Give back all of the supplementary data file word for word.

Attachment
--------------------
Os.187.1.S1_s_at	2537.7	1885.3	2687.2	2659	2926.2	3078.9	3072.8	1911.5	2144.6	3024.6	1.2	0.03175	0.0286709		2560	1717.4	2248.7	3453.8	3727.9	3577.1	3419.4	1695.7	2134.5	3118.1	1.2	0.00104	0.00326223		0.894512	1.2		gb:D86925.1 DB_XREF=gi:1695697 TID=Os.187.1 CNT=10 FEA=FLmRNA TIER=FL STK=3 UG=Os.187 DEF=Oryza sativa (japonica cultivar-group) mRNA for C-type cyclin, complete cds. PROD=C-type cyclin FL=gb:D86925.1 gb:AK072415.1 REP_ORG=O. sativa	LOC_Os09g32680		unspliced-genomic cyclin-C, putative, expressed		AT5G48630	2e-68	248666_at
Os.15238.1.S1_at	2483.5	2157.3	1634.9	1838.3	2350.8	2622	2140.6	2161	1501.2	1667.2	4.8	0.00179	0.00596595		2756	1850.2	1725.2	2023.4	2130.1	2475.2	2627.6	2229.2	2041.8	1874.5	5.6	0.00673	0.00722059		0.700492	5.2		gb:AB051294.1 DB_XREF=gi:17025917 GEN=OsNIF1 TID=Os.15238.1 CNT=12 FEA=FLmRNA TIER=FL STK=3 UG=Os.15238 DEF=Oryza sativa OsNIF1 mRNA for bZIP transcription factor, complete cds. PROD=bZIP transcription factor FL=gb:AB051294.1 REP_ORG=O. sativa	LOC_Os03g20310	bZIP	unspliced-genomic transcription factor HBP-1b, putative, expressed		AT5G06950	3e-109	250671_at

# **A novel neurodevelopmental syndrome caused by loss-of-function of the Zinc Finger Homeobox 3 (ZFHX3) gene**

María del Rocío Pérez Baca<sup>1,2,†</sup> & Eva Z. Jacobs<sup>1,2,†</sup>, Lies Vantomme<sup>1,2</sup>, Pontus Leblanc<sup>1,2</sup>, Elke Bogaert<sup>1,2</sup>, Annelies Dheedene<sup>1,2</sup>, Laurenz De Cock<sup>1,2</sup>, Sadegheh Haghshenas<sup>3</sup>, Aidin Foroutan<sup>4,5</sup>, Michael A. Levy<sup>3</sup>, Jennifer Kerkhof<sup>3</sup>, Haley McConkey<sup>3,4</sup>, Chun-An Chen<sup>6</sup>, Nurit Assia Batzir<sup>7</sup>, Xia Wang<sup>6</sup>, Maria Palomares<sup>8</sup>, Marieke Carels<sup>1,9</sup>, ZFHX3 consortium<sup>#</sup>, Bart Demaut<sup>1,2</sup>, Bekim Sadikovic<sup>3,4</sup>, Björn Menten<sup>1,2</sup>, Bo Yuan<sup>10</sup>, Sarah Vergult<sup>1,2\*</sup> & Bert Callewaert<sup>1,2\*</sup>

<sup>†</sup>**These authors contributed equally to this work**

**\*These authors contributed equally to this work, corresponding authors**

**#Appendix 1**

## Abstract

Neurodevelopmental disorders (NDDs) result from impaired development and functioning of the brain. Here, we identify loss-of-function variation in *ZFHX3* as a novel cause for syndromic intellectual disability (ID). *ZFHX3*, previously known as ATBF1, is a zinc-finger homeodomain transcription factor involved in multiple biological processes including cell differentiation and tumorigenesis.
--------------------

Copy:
Os.187.1.S1_s_at	2537.7	1885.3	2687.2	2659	2926.2	3078.9	3072.8	1911.5	2144.6	3024.6	1.2	0.03175	0.0286709		2560	1717.4	2248.7	3453.8	3727.9	3577.1	3419.4	1695.7	2134.5	3118.1	1.2	0.00104	0.00326223		0.894512	1.2		gb:D86925.1 DB_XREF=gi:1695697 TID=Os.187.1 CNT=10 FEA=FLmRNA TIER=FL STK=3 UG=Os.187 DEF=Oryza sativa (japonica cultivar-group) mRNA for C-type cyclin, complete cds. PROD=C-type cyclin FL=gb:D86925.1 gb:AK072415.1 REP_ORG=O. sativa	LOC_Os09g32680		unspliced-genomic cyclin-C, putative, expressed		AT5G48630	2e-68	248666_at
Os.15238.1.S1_at	2483.5	2157.3	1634.9	1838.3	2350.8	2622	2140.6	2161	1501.2	1667.2	4.8	0.00179	0.00596595		2756	1850.2	1725.2	2023.4	2130.1	2475.2	2627.6	2229.2	2041.8	1874.5	5.6	0.00673	0.00722059		0.700492	5.2		gb:AB051294.1 DB_XREF=gi:17025917 GEN=OsNIF1 TID=Os.15238.1 CNT=12 FEA=FLmRNA TIER=FL STK=3 UG=Os.15238 DEF=Oryza sativa OsNIF1 mRNA for bZIP transcription factor, complete cds. PROD=bZIP transcription factor FL=gb:AB051294.1 REP_ORG=O. sativa	LOC_Os03g20310	bZIP	unspliced-genomic transcription factor HBP-1b, putative, expressed		AT5G06950	3e-109	250671_at

# **A novel neurodevelopmental syndrome caused by loss-of-function of the Zinc Finger Homeobox 3 (ZFHX3) gene**

María del Rocío Pérez Baca<sup>1,2,†</sup> & Eva Z. Jacobs<sup>1,2,†</sup>, Lies Vantomme<sup>1,2</sup>, Pontus Leblanc<sup>1,2</sup>, Elke Bogaert<sup>1,2</sup>, Annelies Dheedene<sup>1,2</sup>, Laurenz De Cock<sup>1,2</sup>, Sadegheh Haghshenas<sup>3</sup>, Aidin Foroutan<sup>4,5</sup>, Michael A. Levy<sup>3</sup>, Jennifer Kerkhof<sup>3</sup>, Haley McConkey<sup>3,4</sup>, Chun-An Chen<sup>6</sup>, Nurit Assia Batzir<sup>7</sup>, Xia Wang<sup>6</sup>, Maria Palomares<sup>8</sup>, Marieke Carels<sup>1,9</sup>, ZFHX3 consortium<sup>#</sup>, Bart Demaut<sup>1,2</sup>, Bekim Sadikovic<sup>3,4</sup>, Björn Menten<sup>1,2</sup>, Bo Yuan<sup>10</sup>, Sarah Vergult<sup>1,2\*</sup> & Bert Callewaert<sup>1,2\*</sup>

<sup>†</sup>**These authors contributed equally to this work**

**\*These authors contributed equally to this work, corresponding authors**

**#Appendix 1**

## Abstract

Neurodevelopmental disorders (NDDs) result from impaired development and functioning of the brain. Here, we identify loss-of-function variation in *ZFHX3* as a novel cause for syndromic intellectual disability (ID). *ZFHX3*, previously known as ATBF1, is a zinc-finger homeodomain transcription factor involved in multiple biological processes including cell differentiation and tumorigenesis.